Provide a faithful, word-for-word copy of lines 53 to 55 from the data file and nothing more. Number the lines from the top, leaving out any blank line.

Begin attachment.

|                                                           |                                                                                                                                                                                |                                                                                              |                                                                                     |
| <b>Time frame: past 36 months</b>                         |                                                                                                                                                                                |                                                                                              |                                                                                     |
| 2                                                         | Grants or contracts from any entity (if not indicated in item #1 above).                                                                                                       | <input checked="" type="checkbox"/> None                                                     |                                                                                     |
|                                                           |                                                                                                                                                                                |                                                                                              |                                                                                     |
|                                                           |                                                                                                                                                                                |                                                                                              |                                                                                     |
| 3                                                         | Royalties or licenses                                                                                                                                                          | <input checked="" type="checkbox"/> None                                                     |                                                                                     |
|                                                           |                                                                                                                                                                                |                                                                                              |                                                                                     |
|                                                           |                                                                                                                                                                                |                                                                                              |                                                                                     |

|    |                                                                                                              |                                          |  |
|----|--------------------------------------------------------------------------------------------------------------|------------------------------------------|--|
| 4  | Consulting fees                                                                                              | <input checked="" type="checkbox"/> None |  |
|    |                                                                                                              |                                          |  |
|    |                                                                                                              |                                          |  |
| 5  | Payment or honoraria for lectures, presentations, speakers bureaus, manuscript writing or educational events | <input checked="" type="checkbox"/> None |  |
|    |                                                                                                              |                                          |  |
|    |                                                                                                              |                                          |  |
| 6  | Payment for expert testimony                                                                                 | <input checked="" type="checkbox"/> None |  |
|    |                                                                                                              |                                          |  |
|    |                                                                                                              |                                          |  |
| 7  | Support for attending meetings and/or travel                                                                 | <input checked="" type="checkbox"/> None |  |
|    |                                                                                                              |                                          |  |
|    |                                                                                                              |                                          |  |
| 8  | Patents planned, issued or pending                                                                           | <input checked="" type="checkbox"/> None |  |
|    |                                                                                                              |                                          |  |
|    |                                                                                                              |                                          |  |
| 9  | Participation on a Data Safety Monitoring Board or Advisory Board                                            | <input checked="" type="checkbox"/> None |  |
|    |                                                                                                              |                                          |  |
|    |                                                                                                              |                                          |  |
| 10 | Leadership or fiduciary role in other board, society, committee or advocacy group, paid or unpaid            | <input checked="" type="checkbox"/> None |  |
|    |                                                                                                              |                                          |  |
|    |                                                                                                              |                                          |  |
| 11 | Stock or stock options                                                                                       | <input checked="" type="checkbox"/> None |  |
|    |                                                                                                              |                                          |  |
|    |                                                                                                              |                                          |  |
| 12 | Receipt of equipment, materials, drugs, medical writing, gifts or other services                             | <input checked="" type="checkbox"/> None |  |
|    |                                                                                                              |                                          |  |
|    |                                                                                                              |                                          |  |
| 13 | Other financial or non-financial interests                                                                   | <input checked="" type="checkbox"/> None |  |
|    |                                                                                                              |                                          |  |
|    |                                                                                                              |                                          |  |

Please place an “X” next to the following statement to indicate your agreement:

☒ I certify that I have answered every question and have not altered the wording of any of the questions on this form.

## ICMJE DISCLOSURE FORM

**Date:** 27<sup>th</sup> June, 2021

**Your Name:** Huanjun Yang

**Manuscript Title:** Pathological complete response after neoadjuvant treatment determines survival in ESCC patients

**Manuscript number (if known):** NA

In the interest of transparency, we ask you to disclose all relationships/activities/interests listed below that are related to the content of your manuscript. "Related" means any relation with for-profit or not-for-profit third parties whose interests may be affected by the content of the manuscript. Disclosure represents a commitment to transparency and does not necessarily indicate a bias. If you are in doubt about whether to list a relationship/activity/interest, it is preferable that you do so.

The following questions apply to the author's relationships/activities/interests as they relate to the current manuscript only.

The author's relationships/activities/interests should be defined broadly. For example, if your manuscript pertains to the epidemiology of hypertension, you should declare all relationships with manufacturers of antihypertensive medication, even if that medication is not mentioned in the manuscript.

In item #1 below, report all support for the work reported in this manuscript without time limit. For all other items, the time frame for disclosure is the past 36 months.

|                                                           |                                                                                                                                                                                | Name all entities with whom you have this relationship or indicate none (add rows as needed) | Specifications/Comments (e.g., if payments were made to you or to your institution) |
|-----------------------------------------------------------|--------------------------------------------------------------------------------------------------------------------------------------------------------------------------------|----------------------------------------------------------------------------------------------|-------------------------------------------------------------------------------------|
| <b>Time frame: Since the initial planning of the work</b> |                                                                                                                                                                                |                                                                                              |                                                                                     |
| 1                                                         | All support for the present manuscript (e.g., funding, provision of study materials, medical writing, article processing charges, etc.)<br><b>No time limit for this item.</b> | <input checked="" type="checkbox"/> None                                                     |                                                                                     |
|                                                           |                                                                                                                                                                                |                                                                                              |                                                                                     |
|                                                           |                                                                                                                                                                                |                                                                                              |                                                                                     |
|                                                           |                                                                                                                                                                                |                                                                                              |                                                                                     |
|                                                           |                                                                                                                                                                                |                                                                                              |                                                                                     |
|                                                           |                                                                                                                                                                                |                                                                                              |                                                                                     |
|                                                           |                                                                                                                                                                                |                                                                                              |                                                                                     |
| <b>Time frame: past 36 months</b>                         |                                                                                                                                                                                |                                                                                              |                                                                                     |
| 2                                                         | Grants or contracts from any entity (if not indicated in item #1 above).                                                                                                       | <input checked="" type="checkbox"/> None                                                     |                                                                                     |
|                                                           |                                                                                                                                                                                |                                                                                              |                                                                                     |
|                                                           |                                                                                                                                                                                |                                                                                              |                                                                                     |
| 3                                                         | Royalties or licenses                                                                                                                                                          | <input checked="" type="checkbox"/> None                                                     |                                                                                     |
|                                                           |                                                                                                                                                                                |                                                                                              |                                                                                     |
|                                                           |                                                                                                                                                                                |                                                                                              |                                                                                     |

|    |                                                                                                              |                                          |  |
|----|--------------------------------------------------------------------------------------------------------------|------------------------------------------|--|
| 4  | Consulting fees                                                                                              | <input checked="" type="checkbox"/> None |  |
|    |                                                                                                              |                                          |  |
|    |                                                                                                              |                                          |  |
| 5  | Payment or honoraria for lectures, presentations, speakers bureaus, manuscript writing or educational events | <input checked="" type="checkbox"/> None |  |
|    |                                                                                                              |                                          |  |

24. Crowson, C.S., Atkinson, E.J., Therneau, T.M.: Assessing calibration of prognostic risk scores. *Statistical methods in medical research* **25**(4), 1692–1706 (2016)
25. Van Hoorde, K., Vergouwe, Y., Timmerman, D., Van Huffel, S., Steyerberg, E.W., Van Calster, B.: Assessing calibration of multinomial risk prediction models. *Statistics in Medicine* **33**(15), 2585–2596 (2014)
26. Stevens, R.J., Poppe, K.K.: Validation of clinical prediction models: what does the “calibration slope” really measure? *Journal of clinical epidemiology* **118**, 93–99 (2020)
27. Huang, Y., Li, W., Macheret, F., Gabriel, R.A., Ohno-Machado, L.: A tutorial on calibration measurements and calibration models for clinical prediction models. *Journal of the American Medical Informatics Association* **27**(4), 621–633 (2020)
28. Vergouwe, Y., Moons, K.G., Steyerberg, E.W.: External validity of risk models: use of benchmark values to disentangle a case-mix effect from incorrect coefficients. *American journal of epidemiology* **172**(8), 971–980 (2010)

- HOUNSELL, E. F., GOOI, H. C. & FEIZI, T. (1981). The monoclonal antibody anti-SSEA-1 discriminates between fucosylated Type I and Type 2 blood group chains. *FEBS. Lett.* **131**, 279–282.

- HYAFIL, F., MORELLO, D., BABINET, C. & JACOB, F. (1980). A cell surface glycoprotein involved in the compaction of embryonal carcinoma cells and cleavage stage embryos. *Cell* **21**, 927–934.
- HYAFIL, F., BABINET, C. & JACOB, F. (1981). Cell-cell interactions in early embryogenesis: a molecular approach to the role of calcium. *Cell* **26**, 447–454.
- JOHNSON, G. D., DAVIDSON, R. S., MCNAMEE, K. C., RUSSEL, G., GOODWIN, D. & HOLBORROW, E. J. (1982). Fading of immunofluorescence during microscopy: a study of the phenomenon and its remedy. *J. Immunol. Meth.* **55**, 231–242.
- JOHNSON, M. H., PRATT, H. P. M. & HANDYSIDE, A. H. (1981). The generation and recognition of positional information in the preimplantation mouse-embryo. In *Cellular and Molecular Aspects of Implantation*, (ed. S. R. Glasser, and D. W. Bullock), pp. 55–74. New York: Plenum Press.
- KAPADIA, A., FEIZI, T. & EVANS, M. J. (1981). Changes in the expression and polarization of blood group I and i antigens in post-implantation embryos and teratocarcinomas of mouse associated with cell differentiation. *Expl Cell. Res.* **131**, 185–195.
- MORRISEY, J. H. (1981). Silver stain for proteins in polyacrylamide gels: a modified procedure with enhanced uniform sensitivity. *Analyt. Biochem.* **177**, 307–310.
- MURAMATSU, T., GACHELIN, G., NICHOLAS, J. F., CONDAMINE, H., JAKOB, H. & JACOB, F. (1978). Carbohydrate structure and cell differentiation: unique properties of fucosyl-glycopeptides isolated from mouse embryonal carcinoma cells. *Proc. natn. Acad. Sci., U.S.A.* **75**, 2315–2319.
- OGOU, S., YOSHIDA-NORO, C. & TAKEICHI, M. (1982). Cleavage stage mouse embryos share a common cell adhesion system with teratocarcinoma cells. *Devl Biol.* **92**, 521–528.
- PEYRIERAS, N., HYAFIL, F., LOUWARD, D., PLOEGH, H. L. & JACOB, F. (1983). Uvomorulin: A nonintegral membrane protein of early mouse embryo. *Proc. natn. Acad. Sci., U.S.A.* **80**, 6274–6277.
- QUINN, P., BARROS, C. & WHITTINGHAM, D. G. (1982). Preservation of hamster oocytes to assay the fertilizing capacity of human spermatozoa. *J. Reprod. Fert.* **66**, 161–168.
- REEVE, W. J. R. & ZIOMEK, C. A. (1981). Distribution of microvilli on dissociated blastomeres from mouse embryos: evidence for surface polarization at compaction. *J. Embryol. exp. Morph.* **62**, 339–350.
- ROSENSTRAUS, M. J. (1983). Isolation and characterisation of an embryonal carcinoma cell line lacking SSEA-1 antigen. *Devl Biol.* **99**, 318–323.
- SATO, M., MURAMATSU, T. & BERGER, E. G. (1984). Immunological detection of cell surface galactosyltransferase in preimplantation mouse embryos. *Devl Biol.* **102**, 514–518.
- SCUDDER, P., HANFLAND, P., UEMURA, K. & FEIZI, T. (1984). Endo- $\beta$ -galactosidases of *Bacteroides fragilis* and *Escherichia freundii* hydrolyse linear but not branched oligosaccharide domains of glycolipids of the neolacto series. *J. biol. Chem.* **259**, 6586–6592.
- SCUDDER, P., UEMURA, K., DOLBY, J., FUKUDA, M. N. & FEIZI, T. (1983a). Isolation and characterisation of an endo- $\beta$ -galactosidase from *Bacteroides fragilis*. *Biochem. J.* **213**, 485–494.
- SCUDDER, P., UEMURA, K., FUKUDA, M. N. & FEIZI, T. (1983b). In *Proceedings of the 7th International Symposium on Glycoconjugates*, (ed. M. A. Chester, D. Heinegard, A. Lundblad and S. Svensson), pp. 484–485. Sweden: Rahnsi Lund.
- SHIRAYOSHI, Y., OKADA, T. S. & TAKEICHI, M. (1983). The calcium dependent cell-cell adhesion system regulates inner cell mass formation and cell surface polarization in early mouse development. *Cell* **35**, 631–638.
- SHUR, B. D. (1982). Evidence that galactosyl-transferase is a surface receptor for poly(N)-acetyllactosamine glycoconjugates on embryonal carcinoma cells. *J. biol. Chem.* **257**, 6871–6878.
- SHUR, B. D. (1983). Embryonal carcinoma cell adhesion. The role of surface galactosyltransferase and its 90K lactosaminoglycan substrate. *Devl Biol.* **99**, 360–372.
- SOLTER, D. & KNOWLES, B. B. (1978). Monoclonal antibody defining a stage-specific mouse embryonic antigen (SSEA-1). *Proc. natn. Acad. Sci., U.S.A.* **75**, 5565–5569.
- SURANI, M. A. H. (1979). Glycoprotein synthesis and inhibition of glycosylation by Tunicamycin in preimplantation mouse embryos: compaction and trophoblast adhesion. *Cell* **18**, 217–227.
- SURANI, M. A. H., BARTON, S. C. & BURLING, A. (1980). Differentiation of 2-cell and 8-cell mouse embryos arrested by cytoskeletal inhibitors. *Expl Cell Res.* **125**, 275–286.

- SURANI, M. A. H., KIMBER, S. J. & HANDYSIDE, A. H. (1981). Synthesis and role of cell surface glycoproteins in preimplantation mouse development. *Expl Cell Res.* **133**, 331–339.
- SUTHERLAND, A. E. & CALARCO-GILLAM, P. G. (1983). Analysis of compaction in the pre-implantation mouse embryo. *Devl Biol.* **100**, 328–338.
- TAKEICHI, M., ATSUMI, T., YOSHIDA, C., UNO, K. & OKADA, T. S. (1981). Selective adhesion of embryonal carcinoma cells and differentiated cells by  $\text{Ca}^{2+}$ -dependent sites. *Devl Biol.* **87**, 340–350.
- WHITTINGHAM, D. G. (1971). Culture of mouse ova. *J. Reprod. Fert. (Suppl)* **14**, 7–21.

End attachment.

|-----------------------------------------------------------|--------------------------------------------------------------------------------------------------------------------------------------------------------------------------------|----------------------------------------------------------------------------------------------|-------------------------------------------------------------------------------------|
| <b>Time frame: Since the initial planning of the work</b> |                                                                                                                                                                                |                                                                                              |                                                                                     |
| 1                                                         | All support for the present manuscript (e.g., funding, provision of study materials, medical writing, article processing charges, etc.)<br><b>No time limit for this item.</b> | <input checked="" type="checkbox"/> None                                                     |                                                                                     |